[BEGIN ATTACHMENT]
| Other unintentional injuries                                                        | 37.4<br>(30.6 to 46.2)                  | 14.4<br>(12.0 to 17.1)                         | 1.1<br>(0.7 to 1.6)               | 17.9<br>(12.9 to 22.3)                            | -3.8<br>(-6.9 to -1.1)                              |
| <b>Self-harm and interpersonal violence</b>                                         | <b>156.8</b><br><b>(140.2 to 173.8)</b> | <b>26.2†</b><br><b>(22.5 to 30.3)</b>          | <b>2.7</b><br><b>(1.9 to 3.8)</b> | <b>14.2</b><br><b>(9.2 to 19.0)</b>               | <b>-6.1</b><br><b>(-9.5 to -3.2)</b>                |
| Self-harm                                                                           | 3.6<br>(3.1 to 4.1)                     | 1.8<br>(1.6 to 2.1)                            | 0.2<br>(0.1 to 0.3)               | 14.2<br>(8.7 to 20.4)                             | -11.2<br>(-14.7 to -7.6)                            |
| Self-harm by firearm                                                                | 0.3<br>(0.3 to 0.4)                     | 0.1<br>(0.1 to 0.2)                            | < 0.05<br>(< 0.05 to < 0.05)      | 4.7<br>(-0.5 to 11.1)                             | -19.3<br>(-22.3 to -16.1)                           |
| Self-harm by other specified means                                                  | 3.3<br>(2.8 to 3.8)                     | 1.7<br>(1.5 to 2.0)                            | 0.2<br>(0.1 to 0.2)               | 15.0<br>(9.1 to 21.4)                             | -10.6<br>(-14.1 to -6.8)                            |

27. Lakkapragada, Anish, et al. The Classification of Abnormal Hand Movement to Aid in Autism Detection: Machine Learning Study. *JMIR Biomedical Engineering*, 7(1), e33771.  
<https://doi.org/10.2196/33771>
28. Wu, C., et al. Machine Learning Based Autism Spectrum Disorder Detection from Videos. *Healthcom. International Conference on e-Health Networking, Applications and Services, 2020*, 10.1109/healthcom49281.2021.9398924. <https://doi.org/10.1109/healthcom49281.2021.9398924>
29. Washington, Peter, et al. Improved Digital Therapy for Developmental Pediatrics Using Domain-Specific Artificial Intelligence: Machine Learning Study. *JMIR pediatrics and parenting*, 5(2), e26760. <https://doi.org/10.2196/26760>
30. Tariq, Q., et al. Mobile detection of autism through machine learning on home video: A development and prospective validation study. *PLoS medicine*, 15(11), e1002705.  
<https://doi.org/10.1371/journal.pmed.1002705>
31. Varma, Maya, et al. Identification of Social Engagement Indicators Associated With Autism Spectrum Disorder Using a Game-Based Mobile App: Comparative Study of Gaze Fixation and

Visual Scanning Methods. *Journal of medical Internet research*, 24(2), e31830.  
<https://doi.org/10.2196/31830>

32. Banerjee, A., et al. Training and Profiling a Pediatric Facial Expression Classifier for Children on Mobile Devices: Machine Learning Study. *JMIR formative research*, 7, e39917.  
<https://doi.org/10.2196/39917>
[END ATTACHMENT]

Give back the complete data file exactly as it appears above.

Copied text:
| Other unintentional injuries                                                        | 37.4<br>(30.6 to 46.2)                  | 14.4<br>(12.0 to 17.1)                         | 1.1<br>(0.7 to 1.6)               | 17.9<br>(12.9 to 22.3)                            | -3.8<br>(-6.9 to -1.1)                              |
| <b>Self-harm and interpersonal violence</b>                                         | <b>156.8</b><br><b>(140.2 to 173.8)</b> | <b>26.2†</b><br><b>(22.5 to 30.3)</b>          | <b>2.7</b><br><b>(1.9 to 3.8)</b> | <b>14.2</b><br><b>(9.2 to 19.0)</b>               | <b>-6.1</b><br><b>(-9.5 to -3.2)</b>                |
| Self-harm                                                                           | 3.6<br>(3.1 to 4.1)                     | 1.8<br>(1.6 to 2.1)                            | 0.2<br>(0.1 to 0.3)               | 14.2<br>(8.7 to 20.4)                             | -11.2<br>(-14.7 to -7.6)                            |
| Self-harm by firearm                                                                | 0.3<br>(0.3 to 0.4)                     | 0.1<br>(0.1 to 0.2)                            | < 0.05<br>(< 0.05 to < 0.05)      | 4.7<br>(-0.5 to 11.1)                             | -19.3<br>(-22.3 to -16.1)                           |
| Self-harm by other specified means                                                  | 3.3<br>(2.8 to 3.8)                     | 1.7<br>(1.5 to 2.0)                            | 0.2<br>(0.1 to 0.2)               | 15.0<br>(9.1 to 21.4)                             | -10.6<br>(-14.1 to -6.8)                            |

27. Lakkapragada, Anish, et al. The Classification of Abnormal Hand Movement to Aid in Autism Detection: Machine Learning Study. *JMIR Biomedical Engineering*, 7(1), e33771.  
<https://doi.org/10.2196/33771>
28. Wu, C., et al. Machine Learning Based Autism Spectrum Disorder Detection from Videos. *Healthcom. International Conference on e-Health Networking, Applications and Services, 2020*, 10.1109/healthcom49281.2021.9398924. <https://doi.org/10.1109/healthcom49281.2021.9398924>
29. Washington, Peter, et al. Improved Digital Therapy for Developmental Pediatrics Using Domain-Specific Artificial Intelligence: Machine Learning Study. *JMIR pediatrics and parenting*, 5(2), e26760. <https://doi.org/10.2196/26760>
30. Tariq, Q., et al. Mobile detection of autism through machine learning on home video: A development and prospective validation study. *PLoS medicine*, 15(11), e1002705.  
<https://doi.org/10.1371/journal.pmed.1002705>
31. Varma, Maya, et al. Identification of Social Engagement Indicators Associated With Autism Spectrum Disorder Using a Game-Based Mobile App: Comparative Study of Gaze Fixation and

Visual Scanning Methods. *Journal of medical Internet research*, 24(2), e31830.  
<https://doi.org/10.2196/31830>

32. Banerjee, A., et al. Training and Profiling a Pediatric Facial Expression Classifier for Children on Mobile Devices: Machine Learning Study. *JMIR formative research*, 7, e39917.  
<https://doi.org/10.2196/39917>